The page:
How to go past gate keepers in calling?

We sell software to small businesses in India. The presence of the CEO/M.D on internet is less. And it is difficult to even get their name on Internet. Any techniques to get their name and be able to talk with them directly?


There's a reason that most CEOs and M.D.s are hard to get to and why their gatekeepers won't let you through...
They WANT it that way.
They are constantly being bombarded by people trying to sell them something!
My best advice is to discover ways to put the target on YOUR back.
Position your business/product/service in a way that compels them (or more likely someone from their office) to contact YOU.
Tip: Make sure you develop and maintain an very high level of integrity - because even if you get through to one and make a sale - if your product/service is of poor quality then word will spread and your reputation will get destroyed.
Best of luck!

Answered 10 years ago

Some specific tactics to consider based on personal experience:

- First, research the person on LinkedIn, Facebook etc and see if you have any legitimate shared contacts or interests. Do NOT under any circumstances stretch the truth but if, for example, you both went to the same school, both lived abroad in the same country, both love road biking, then arm yourself with that knowledge.
- I'm going to assume that in this case you don't have any shared connections so LinkedIn isn't an option. Now you need to research email and phone number. For C-level execs of public companies you can sometimes find this info in SEC filings.
- If you are targeting someone below the C-suite then the following tactic is VERY effective. Call the appropriate C-level exec. When you get stopped by the gate keeper explain who you need to talk to and have them refer you. An email from the exec asst to the CEO is just as effective as an email from the CEO herself!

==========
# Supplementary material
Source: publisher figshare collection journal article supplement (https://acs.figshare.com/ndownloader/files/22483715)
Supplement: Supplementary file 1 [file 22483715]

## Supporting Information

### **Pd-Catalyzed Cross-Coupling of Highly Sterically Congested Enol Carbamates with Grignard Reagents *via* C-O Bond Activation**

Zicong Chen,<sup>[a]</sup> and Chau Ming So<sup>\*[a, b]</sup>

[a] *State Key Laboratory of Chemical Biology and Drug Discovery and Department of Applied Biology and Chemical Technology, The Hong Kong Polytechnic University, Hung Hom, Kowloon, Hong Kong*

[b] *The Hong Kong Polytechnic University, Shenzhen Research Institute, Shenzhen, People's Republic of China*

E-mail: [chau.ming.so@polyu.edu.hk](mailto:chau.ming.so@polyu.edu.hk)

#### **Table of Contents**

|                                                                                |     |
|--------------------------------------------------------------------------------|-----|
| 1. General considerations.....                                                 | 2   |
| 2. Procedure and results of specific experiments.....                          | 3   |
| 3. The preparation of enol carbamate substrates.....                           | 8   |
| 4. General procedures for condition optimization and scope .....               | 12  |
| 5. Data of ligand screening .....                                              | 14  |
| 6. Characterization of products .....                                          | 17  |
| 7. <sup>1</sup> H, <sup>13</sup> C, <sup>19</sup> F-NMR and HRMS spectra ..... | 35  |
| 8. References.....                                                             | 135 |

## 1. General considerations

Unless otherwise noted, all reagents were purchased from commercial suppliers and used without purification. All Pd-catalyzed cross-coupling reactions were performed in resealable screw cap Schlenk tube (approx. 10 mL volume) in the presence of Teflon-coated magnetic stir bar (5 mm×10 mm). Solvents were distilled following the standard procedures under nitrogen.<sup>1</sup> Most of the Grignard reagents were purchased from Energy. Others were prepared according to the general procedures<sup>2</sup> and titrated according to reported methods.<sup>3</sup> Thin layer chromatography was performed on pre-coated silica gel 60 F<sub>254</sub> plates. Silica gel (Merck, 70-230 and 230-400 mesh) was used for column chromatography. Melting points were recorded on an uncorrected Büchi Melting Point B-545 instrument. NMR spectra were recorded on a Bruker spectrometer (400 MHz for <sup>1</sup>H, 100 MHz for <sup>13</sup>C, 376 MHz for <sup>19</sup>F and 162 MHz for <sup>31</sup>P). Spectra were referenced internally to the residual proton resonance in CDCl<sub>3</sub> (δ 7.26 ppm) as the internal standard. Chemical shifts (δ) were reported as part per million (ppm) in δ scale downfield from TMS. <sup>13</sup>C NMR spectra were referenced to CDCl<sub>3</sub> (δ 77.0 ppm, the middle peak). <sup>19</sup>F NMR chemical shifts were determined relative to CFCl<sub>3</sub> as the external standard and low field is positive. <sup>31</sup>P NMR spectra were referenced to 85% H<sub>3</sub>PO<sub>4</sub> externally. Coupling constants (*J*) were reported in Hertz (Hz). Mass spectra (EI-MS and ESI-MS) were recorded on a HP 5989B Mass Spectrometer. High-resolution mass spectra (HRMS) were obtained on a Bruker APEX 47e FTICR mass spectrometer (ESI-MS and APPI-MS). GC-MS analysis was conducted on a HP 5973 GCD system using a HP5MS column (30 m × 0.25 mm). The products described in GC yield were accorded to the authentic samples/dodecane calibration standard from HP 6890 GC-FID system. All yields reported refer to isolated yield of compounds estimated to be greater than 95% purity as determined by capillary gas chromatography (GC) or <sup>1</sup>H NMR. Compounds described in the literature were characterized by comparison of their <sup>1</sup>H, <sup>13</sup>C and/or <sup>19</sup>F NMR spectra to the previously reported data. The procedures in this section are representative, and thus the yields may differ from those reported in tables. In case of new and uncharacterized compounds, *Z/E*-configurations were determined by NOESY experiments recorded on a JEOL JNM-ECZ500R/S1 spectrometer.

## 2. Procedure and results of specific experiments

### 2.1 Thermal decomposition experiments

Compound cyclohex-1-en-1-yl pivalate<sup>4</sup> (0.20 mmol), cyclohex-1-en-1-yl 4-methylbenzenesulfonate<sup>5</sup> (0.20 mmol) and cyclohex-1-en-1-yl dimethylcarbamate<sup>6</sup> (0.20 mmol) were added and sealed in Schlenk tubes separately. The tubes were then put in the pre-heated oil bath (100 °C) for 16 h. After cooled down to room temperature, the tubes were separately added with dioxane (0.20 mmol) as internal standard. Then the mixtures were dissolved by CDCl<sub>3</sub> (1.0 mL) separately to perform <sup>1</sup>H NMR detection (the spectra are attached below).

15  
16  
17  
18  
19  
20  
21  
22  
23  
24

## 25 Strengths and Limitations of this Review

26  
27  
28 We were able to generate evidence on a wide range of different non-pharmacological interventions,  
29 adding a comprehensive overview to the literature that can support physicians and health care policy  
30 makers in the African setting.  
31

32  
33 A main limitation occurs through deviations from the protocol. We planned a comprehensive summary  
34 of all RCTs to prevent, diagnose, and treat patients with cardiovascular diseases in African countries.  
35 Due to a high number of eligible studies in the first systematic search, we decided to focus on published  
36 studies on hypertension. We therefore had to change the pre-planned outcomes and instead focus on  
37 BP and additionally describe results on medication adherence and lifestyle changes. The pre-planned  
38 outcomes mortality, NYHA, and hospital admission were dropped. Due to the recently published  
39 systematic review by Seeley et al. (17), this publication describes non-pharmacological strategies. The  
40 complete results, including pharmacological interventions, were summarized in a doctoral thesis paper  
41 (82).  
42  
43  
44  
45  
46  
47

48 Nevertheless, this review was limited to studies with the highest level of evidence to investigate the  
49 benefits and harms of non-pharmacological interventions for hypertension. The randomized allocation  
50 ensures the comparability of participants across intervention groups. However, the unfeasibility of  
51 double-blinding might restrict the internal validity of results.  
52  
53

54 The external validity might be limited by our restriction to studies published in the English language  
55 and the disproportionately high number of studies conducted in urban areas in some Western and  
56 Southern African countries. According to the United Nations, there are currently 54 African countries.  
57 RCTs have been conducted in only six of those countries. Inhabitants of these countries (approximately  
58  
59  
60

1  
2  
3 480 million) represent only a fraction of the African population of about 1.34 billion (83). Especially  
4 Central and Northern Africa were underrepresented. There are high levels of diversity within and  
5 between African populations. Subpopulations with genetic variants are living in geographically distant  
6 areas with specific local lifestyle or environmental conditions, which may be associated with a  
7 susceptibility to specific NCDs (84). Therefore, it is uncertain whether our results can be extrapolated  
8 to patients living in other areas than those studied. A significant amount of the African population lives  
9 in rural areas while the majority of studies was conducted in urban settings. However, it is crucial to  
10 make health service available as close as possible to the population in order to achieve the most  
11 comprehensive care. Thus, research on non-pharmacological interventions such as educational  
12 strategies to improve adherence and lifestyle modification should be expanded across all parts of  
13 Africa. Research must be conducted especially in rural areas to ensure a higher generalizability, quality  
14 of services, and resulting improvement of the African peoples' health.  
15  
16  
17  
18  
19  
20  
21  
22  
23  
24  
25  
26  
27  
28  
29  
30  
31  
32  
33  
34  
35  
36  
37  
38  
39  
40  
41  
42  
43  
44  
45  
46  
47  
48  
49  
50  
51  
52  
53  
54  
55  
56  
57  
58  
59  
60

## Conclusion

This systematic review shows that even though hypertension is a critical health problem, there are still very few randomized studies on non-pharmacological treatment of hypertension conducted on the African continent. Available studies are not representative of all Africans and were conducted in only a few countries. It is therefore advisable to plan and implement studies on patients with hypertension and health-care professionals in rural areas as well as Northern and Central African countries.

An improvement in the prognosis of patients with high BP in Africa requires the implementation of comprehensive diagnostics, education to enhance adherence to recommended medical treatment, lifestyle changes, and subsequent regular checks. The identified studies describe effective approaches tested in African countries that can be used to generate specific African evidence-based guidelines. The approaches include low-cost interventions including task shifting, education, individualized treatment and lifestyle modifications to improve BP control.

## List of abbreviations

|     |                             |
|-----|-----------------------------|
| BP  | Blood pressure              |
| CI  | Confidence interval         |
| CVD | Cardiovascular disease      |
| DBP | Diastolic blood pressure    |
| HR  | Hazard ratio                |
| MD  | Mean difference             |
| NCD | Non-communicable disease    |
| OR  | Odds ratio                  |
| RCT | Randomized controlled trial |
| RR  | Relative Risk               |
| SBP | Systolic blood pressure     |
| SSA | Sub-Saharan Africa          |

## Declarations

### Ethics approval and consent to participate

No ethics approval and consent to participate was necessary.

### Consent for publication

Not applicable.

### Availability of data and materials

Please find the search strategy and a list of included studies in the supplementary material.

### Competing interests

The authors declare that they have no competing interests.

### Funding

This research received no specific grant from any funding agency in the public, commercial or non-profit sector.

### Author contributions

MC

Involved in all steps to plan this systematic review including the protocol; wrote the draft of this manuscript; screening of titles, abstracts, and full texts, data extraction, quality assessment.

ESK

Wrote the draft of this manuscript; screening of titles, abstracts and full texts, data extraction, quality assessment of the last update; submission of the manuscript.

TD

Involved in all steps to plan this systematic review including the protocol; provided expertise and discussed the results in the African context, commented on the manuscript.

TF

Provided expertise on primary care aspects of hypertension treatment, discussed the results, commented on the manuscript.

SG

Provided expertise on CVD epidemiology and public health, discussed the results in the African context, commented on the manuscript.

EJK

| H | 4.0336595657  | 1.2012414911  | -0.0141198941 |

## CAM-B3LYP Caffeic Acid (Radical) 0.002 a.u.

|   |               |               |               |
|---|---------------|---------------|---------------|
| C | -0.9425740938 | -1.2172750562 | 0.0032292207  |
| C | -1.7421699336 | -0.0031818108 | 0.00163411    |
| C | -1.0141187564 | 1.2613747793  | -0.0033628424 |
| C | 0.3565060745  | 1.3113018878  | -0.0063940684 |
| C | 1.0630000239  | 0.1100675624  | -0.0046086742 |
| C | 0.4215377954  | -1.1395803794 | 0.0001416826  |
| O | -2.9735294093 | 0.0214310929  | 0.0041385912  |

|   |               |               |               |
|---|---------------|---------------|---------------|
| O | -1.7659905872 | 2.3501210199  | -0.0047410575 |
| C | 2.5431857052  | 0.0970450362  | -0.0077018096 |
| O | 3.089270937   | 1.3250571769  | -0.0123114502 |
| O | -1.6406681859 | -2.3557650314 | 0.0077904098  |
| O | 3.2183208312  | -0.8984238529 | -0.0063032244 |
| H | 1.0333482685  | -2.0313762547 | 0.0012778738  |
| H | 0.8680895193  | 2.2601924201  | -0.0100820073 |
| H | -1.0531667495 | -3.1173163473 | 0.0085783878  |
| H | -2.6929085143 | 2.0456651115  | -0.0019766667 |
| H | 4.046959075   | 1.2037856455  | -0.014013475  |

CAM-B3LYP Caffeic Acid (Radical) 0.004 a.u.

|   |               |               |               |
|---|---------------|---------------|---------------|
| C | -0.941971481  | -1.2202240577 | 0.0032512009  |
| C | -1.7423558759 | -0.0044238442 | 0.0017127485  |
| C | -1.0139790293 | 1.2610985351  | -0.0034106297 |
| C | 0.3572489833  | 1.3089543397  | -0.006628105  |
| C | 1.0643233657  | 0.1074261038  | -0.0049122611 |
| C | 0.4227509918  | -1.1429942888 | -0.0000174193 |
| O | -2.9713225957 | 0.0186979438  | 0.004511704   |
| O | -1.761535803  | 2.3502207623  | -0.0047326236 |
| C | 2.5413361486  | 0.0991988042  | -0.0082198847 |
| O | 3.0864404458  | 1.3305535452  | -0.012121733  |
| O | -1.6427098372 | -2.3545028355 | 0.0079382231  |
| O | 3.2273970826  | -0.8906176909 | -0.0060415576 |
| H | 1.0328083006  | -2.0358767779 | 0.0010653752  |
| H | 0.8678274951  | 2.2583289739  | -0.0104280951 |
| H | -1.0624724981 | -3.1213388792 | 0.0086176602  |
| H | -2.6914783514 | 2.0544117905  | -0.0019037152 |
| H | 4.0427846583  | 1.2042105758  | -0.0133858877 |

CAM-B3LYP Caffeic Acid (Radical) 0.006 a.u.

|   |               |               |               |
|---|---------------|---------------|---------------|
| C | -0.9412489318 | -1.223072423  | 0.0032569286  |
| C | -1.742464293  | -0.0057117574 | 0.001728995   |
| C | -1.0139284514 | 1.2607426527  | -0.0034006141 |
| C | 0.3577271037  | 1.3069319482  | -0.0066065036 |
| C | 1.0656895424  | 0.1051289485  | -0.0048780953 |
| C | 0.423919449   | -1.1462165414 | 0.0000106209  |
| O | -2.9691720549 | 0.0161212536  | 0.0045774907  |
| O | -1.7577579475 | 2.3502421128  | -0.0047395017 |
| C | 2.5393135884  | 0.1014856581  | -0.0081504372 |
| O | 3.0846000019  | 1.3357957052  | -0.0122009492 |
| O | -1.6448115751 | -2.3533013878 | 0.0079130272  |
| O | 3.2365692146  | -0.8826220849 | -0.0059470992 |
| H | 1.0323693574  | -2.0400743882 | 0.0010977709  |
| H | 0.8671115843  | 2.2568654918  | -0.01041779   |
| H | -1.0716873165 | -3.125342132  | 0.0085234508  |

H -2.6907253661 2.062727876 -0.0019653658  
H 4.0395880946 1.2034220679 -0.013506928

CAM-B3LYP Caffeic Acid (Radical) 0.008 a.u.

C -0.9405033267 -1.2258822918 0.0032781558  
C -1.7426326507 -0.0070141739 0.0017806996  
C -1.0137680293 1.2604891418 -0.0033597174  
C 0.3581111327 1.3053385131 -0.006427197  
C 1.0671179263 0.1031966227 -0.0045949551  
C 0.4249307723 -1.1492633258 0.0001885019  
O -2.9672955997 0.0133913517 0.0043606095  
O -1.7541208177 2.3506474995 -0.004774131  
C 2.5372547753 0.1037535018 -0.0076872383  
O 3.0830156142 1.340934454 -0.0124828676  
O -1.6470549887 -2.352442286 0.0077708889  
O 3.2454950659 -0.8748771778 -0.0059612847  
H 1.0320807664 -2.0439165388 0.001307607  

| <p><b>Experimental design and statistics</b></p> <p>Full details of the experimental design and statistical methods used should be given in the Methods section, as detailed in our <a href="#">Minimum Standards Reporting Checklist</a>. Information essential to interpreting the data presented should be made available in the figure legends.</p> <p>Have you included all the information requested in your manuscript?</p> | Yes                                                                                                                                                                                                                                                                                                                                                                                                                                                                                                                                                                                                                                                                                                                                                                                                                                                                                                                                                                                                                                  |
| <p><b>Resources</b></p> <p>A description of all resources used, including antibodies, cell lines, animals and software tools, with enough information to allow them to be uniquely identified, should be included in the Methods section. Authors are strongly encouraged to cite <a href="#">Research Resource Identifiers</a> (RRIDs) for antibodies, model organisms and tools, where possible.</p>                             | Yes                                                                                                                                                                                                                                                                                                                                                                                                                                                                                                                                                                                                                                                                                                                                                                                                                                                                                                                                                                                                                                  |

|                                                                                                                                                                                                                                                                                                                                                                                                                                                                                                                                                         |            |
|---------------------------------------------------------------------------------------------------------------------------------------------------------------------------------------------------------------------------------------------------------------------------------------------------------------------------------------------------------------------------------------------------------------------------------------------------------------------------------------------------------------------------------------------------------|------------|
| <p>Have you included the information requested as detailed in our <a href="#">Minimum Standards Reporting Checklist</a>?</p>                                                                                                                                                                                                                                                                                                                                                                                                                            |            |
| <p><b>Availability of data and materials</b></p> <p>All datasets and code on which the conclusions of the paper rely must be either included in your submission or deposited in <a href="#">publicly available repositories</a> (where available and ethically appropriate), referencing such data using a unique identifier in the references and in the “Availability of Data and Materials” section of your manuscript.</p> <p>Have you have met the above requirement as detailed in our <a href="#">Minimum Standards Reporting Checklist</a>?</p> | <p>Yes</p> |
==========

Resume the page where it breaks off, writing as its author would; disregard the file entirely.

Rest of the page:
- You must be willing to follow a "friendly bulldog" strategy. That means you call, email and send real mail (can be very effective b/c its now a rare tactic) many times with small time gaps in between. The more you ask someone to do something for you, the more they feel obligated to do it. This is a real psychological phenomenon that fund raisers exploit regularly.

I hope these ideas help. Happy to talk and share more...

Answered 10 years ago

Have you considered advertising on social networks? Find the network they seem to be on, create free guides, Ebooks or white papers that benefit their company.

They click your ad, or they sign up on your blog and now you have trust.

Create great shit and they'll come knocking on your door.

Answered 10 years ago

STOP TRYING TO CALL THEM. Send a short email. Meet them at a conference. Connect with a decision-maker who reports to them.

Don't get hung up trying to speak with the guy at the top. Chances are, he's not going to blindly purchase from you anyways.

Get smart about representing your product and connecting with the right people -- and make sure you deliver value that matters to the dude on the other end of the deal. OK?

Answered 10 years ago

It's simple. 99% of the people out there will attempt to use tactics and tricks to get past the gate keeper. Instead try seeing things from the gatekeeper's perspective. When they receive a random phone call from someone they don't know they automatically think, "What does this person want? They're probably trying to sell something to me, etc."

So I want you to try this approach. When the gatekeeper answers the phone first introduce yourself and then say these words "and I want to be 100% respectful of your time." You will be amazed how much more receptive the person will be on the other end of the phone.